2) Back in the 1870s, there was a report from Australia that a Great White had gotten tangled in an undersea cable and drowned. The report included a figure for the shark's length: 36 feet, almost twice as big as any other great white ever measured anywhere on earth. 36 feet is huge for a lamnid shark, and completely out of line with the known age-growth curves for them. It suggested Great Whites might live for dozens or hundreds of years, and never quite stop growing. But no one ever saw one of these super-sized sharks on the surface, so where were they? Hiding in the ocean's deeps, apparently.

Sadly, both these items of lore are wrong. As you said, C. megalodon is no longer placed as a close relative of the Great White. And the century-old report from Australia proved to be equally mistaken: at some point it had been garbled or typoed, turning a relatively normal 16-foot shark into a 36-foot monster.

By wolfwalker (not verified) on 03 Sep 2008 #permalink

Good God! This is madness!

Someone else has read White Shark?!? ;)

No, but seriously. All I can say about this is WTF? First Nanotyrannus, then naked Deinonychus, and now this? What a freaking joke. The show had such promise, too...

(Speaking of naked dromaeosaurs, did you catch the Skin episode of Evolve? It was only a brief two-second clip, but they actually had a feathered maniraptor! The narration, I think was talking about Sinosauropteryx, but I'm not sure if that's what it was meant to be. Still, either way, it was a dinosaur with some bloody feathers on it for once.)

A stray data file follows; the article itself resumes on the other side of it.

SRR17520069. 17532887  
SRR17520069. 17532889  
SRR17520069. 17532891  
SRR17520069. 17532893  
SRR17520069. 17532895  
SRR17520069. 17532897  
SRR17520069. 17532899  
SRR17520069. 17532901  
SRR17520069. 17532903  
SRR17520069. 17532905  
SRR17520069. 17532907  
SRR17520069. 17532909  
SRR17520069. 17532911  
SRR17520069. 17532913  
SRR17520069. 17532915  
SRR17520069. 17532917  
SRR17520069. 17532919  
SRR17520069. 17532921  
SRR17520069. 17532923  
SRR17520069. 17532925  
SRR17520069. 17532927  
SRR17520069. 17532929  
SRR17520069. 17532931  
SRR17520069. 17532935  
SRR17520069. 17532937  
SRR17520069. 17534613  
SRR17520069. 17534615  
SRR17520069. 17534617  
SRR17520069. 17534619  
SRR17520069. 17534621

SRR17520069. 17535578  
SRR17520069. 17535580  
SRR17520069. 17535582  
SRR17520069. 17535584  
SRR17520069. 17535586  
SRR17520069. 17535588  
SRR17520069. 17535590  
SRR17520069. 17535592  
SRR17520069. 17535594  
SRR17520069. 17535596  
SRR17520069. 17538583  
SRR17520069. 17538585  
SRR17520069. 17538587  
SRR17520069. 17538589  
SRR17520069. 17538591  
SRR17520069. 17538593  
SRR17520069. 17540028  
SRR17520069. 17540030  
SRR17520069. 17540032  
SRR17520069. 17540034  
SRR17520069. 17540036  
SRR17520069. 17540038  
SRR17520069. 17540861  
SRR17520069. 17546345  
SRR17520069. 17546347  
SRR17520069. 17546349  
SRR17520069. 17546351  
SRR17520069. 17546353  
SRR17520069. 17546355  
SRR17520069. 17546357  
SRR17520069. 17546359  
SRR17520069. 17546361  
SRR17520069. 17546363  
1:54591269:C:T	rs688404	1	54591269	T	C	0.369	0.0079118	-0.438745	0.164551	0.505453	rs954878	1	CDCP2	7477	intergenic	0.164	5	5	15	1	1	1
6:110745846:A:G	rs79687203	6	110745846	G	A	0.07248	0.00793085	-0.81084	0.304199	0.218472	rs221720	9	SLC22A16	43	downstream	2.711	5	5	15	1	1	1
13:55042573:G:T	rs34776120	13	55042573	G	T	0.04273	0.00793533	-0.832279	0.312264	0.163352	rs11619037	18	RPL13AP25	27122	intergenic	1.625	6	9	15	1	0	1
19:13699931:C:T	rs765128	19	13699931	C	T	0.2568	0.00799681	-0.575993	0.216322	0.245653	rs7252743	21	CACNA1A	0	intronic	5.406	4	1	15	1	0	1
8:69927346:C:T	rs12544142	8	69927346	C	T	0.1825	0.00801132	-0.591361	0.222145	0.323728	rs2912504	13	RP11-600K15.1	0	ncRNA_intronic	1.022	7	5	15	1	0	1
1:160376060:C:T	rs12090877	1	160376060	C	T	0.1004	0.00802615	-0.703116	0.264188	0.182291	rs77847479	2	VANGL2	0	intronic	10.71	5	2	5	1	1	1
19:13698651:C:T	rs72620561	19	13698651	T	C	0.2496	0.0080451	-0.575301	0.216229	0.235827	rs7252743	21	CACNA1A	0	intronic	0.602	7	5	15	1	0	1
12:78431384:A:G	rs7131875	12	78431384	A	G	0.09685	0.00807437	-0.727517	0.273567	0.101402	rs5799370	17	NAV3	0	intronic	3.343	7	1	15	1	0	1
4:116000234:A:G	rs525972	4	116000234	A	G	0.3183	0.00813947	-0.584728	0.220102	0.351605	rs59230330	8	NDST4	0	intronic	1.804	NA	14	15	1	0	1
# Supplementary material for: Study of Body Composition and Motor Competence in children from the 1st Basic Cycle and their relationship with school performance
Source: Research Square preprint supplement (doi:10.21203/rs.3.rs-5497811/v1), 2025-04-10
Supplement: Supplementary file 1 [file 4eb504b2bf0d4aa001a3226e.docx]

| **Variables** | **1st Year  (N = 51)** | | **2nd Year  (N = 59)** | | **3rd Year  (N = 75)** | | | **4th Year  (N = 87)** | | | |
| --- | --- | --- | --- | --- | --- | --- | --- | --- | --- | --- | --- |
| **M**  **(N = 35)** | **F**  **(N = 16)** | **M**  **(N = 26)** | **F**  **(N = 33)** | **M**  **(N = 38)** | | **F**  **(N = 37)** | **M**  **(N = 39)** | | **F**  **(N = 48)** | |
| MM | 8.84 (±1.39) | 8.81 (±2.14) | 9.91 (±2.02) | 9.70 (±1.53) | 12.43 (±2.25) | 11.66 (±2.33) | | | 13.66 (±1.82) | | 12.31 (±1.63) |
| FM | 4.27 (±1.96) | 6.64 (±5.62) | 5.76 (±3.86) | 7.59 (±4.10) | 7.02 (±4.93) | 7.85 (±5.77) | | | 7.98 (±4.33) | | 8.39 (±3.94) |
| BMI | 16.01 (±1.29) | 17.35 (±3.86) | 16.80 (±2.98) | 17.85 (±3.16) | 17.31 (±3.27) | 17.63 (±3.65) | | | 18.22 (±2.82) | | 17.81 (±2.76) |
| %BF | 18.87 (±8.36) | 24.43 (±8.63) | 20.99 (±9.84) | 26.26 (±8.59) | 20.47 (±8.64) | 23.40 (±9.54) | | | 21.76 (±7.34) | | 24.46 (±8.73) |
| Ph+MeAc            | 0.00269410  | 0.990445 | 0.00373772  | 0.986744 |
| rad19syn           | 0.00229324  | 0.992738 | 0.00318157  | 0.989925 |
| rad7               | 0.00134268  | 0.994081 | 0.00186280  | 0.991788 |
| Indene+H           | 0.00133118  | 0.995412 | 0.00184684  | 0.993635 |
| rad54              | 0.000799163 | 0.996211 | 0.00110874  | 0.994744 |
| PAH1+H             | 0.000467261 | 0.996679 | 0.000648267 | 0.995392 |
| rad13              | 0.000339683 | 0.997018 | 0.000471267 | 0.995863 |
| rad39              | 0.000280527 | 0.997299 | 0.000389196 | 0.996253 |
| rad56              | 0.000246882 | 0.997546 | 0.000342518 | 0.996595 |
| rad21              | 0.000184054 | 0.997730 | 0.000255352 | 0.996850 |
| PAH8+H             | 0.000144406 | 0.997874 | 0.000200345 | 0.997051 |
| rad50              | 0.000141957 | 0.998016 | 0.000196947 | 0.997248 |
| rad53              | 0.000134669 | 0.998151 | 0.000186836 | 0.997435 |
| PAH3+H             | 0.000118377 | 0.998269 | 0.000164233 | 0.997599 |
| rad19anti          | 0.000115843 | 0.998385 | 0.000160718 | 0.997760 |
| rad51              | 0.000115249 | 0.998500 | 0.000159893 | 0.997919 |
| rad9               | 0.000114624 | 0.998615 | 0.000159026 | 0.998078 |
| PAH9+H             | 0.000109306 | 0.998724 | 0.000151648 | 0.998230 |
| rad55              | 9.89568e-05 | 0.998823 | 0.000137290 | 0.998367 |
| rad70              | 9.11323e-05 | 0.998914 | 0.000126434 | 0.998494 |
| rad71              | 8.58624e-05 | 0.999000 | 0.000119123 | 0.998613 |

That makes 3 of us that have read White Shark then. The Trench is much worse but a quick search of amazon reveals something called "the Loch" by Alten that may be a contender.

You make a good start, but the argument that if C. meg. survives (hey, the ocean is a big place...) it almost certainly wasn't by hiding in DEEP ocean trenches can be made even stronger.
(i) Sharks in general are comparatively shallow-water animals: not clear exactly why, but very few sharks live seriously far down; really deep-ocean fish tend to be teleosts.
(ii) Really deep environments are resource poor: not much food sinks all the way down, so species found neaqr the bottom of deep trenches tend to be... economical: slow growing, not moving very fast most of the time. Precisely NOT like fast-swimming (semi-endothermic?) upper-ocean predators.
If I were told (by a trustworthy oracle) that C. meg. was still alive and asked where to look... I'd say my bet would be surface waters, well away from normal shipping lanes, probably Antarctic, with lots of krill: places where newly weaned, inexperienced, baleen whales will be too busy eating to be wary.

By Allen Hazen (not verified) on 03 Sep 2008 #permalink

I have not yet have had time to watch this episode, but it does disappoint me to hear that they actually brought up the possibility of C. megalodon surviving.

The youngest bona fide occurrences of C. megalodon (i.e. with solid age determinations, locality data, and lack of reworking) are early Pliocene (ca. 4-5 Ma) at the very latest. This is at least what the North American record indicates.